Phishers behind a new campaign have switched to using compromised SharePoint sites and OneNote documents to redirect potential victims from the banking sector to their landing pages.
- The attackers take advantage of the fact that the domains used by Microsoft’s SharePoint web-based collaborative platform are almost always overlooked by secure email gateways which allows their phishing messages to regularly reach their targets’ inboxes
- The emails sent as part of this new phishing campaign are delivered from compromised accounts and will ask the targets to review a legal assessors proposal via an URL embedded within the message
- This URL links to an attacker-controlled SharePoint site created using a hacked account hosting a maliciously crafted OneNote document designed to be illegible and asking the targets to download the full version via an embedded link which actually sends the bank employees to the phishing page. Once the targets reach the phishing landing page they see a web page impersonating the OneDrive for Business login page with a message displayed above the login form saying that “This document is secure, please login to view, edit, or download. Select an option below to continue.
What can organisations do to prevent or mitigate such attacks?
Beyond the human factor, if you analyse why criminals are able to evade current defences it’s because they all work on the basis of identifying ‘known bad’. Attackers are aware if they create something new, unique and keep it low volume, their malware is not only evasive, but it will be more effective for a longer period of time because it doesn’t hit the radar of the big security companies. CISO’s are more than aware their current defences are not as robust as even 12 months ago, they know the human factor will fail when facing highly sophisticated attackers, so they need to look for solutions that work differently to their current suite of cyber defences.
What can cybersecurity companies do to improve their security products?
As an industry, we know malware and attackers are outpacing legacy layers of protection such as AV, that there are numerous techniques to bypass Sandbox, and that Phishers send one-off unique emails to lure their victims. In order to combat these significant challenges, cybersecurity technologies need to rely less on attempting to block known bad and move to a model of zero trust based on standards. A good example of standards-based technology using an alternative method is described by a phrase created by Gartner called Content Disarm & Reconstruction (CDR), which they describe as ‘breaks down files into their discrete components, strips away anything that doesn\’t conform to that file type\’s original specification’. The benefits they describe as ‘real-time process removes zero-day malware and exploits while avoiding the negative business productivity impact’ achieves two key objectives for CISOs; deal with the problem and do it quietly.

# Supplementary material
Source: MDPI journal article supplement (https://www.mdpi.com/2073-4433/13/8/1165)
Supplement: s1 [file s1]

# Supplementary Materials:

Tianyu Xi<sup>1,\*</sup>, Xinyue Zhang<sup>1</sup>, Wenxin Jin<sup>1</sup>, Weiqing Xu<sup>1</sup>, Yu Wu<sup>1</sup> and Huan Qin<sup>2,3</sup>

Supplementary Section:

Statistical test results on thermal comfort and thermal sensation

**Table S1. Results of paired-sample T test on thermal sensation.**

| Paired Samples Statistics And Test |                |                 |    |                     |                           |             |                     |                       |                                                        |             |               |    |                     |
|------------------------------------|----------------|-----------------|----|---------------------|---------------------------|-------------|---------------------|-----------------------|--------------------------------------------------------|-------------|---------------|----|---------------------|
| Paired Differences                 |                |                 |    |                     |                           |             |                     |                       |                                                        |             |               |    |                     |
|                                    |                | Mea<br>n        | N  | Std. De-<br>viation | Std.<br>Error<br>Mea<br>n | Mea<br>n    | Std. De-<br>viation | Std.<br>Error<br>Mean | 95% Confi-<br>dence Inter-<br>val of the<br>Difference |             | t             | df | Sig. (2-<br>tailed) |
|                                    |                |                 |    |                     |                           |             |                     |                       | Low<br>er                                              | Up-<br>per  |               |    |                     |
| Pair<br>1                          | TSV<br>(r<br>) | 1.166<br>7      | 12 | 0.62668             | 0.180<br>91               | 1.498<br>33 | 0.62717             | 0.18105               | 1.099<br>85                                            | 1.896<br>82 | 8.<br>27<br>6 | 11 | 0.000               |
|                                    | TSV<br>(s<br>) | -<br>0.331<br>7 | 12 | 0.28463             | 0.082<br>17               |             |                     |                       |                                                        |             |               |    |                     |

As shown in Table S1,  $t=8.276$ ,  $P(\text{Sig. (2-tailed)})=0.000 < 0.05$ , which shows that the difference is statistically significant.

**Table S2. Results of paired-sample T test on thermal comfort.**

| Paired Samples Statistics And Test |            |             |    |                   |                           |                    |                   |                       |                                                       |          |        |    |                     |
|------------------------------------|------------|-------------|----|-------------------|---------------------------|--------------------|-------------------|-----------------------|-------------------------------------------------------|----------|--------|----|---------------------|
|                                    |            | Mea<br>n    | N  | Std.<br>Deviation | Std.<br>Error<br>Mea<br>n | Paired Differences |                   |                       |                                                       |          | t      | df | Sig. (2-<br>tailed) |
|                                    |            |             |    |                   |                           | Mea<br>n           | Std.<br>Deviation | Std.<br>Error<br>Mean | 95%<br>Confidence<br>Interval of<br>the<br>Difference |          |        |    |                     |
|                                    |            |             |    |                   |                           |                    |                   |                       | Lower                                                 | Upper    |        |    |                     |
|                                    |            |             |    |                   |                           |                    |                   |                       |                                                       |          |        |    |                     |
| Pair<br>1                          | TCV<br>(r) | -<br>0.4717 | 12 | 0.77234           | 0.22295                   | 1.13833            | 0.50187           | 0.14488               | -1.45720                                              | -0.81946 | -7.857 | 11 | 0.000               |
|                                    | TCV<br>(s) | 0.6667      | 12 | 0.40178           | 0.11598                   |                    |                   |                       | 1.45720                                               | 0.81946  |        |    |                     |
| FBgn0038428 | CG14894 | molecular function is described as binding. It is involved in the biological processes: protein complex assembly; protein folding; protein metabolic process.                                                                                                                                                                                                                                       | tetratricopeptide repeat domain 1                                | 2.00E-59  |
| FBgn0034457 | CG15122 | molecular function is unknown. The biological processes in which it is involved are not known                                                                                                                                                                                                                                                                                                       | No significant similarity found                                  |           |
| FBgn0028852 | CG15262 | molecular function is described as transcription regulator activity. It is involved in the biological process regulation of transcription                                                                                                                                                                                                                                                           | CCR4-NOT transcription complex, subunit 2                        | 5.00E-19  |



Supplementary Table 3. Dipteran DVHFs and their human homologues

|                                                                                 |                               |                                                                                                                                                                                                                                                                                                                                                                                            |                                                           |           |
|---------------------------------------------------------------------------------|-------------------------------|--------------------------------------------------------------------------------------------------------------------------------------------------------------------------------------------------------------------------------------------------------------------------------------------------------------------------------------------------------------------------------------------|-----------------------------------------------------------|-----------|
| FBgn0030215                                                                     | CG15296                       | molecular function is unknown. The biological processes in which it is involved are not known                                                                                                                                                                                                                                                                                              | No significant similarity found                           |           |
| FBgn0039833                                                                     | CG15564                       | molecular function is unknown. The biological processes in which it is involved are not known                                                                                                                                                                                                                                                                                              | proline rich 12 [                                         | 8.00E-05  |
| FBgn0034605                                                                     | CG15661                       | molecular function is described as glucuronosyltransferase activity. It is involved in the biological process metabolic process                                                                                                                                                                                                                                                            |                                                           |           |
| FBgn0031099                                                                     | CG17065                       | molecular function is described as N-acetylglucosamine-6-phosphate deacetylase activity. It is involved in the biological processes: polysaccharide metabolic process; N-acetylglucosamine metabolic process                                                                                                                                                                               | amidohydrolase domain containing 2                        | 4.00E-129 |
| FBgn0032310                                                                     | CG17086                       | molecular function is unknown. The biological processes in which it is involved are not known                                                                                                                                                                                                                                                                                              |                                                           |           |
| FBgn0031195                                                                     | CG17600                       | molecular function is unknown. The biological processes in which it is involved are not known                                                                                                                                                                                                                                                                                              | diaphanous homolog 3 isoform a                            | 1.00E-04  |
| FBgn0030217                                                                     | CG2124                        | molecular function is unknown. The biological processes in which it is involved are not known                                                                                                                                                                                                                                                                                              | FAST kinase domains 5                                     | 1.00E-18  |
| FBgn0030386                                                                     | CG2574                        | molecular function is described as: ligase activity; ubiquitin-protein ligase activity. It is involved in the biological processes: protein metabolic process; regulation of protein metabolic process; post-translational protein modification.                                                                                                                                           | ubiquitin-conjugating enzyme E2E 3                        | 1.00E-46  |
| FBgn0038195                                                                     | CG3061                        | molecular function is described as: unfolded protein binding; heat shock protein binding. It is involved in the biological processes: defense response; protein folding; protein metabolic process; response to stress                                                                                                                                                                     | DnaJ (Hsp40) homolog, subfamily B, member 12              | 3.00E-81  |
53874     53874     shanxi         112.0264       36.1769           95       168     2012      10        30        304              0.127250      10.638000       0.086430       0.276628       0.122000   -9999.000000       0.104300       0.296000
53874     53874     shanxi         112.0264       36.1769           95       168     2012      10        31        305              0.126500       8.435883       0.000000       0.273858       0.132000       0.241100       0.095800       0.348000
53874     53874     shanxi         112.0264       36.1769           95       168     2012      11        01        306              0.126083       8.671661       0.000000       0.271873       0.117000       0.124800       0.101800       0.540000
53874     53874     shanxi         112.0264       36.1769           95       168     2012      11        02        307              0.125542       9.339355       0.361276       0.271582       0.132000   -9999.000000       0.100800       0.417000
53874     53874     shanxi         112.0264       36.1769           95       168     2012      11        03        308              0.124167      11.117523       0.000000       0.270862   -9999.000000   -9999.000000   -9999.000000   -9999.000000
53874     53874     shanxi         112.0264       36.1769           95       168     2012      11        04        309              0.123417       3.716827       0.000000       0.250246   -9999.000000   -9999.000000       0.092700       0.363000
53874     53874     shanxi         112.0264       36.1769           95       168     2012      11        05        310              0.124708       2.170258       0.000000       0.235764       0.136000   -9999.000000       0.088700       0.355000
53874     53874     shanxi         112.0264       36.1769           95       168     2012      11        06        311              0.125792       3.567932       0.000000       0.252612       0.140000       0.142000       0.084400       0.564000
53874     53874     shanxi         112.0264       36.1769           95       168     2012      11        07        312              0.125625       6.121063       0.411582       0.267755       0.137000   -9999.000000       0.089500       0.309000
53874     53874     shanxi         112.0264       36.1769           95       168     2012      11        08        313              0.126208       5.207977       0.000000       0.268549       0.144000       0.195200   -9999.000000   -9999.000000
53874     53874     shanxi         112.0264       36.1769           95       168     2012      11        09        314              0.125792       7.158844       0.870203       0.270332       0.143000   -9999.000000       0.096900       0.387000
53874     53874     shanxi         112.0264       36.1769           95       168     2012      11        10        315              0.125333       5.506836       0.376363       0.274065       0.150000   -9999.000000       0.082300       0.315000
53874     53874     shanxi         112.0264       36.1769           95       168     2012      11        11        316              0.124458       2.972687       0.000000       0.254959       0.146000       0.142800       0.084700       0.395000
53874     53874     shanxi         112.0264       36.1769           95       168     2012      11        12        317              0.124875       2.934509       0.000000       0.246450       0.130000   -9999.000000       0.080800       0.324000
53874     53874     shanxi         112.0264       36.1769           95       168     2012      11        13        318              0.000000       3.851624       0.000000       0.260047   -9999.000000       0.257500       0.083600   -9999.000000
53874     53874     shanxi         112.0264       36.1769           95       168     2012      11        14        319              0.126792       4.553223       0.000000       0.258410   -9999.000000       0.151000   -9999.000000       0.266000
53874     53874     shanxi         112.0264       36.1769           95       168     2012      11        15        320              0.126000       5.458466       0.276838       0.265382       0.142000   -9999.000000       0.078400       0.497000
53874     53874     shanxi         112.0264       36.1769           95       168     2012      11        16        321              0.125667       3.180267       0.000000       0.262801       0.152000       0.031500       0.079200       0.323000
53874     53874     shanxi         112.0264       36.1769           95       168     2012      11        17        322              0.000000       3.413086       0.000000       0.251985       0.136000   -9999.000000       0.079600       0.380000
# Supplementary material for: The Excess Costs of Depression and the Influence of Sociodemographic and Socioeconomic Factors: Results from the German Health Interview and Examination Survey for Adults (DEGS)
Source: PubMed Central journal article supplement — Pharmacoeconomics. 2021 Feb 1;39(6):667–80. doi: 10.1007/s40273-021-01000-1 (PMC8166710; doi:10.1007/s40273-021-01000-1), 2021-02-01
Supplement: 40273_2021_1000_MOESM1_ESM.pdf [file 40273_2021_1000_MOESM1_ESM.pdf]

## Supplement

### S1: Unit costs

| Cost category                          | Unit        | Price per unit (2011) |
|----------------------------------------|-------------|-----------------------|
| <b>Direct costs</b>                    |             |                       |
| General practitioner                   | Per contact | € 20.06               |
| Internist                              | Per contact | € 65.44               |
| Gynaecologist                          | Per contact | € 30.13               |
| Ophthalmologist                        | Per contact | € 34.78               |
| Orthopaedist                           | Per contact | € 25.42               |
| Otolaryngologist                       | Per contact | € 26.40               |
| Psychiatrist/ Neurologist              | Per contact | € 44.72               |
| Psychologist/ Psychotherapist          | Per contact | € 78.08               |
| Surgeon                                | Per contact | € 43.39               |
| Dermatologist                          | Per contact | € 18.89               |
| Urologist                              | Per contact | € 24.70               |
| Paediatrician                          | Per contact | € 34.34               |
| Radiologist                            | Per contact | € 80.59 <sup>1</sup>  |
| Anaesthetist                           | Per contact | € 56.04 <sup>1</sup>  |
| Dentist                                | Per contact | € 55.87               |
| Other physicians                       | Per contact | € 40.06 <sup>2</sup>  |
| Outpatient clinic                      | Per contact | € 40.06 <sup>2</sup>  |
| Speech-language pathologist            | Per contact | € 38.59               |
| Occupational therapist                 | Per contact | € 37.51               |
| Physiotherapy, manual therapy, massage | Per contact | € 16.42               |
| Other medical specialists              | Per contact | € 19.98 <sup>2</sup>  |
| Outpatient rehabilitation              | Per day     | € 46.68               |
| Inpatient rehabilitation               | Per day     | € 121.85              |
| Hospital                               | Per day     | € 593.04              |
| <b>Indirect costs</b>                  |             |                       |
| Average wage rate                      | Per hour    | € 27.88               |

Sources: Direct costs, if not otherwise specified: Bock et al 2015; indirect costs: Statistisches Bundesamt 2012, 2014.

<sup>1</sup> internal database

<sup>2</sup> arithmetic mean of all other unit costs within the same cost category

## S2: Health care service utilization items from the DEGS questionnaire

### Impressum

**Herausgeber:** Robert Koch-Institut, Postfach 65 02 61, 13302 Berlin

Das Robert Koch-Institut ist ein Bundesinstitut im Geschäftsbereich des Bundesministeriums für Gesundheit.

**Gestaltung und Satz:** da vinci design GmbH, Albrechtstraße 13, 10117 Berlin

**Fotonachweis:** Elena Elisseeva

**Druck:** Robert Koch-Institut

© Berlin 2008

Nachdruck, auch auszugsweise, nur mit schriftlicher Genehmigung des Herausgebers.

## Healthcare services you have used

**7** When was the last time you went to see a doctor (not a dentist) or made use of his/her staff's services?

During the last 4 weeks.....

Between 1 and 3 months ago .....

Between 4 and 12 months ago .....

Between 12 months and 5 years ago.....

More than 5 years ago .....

The use of Sharepoint and other cloud services to host and evade security controls continues to rise. As criminals get more wary of what works and what doesn\’t, phishing techniques continue to evolve to evade technical defences. This is why it is vitally important that enterprises train their employees to be able to spot phishing emails, so that when these mails do bypass mail filters, the users are another line of defence.
But it\’s not enough for users just to be able to spot suspicious emails, there needs to be a mechanism through which they can report them so that security teams can investigate further, and where there is a threat identified, ensure that no other instances are making it through to unsuspecting users.
These attacks are just another example of the creativity of malicious actors. Attackers know that a significant number of organisations are not taking a strong enough stance when it comes to access security. Once they have a set of valid credentials, it is easy to compromise corporate applications, particularly SaaS Apps including HR Systems, File Storage Services and CRMs.
Multi factor authentication (MFA) is currently the best method by which organisations can protect themselves from such attacks, proven to prevent 99.9% of account takeovers. Whether it be a soft token, hard token, certificate or SMS, companies should look at implementing MFA across the board.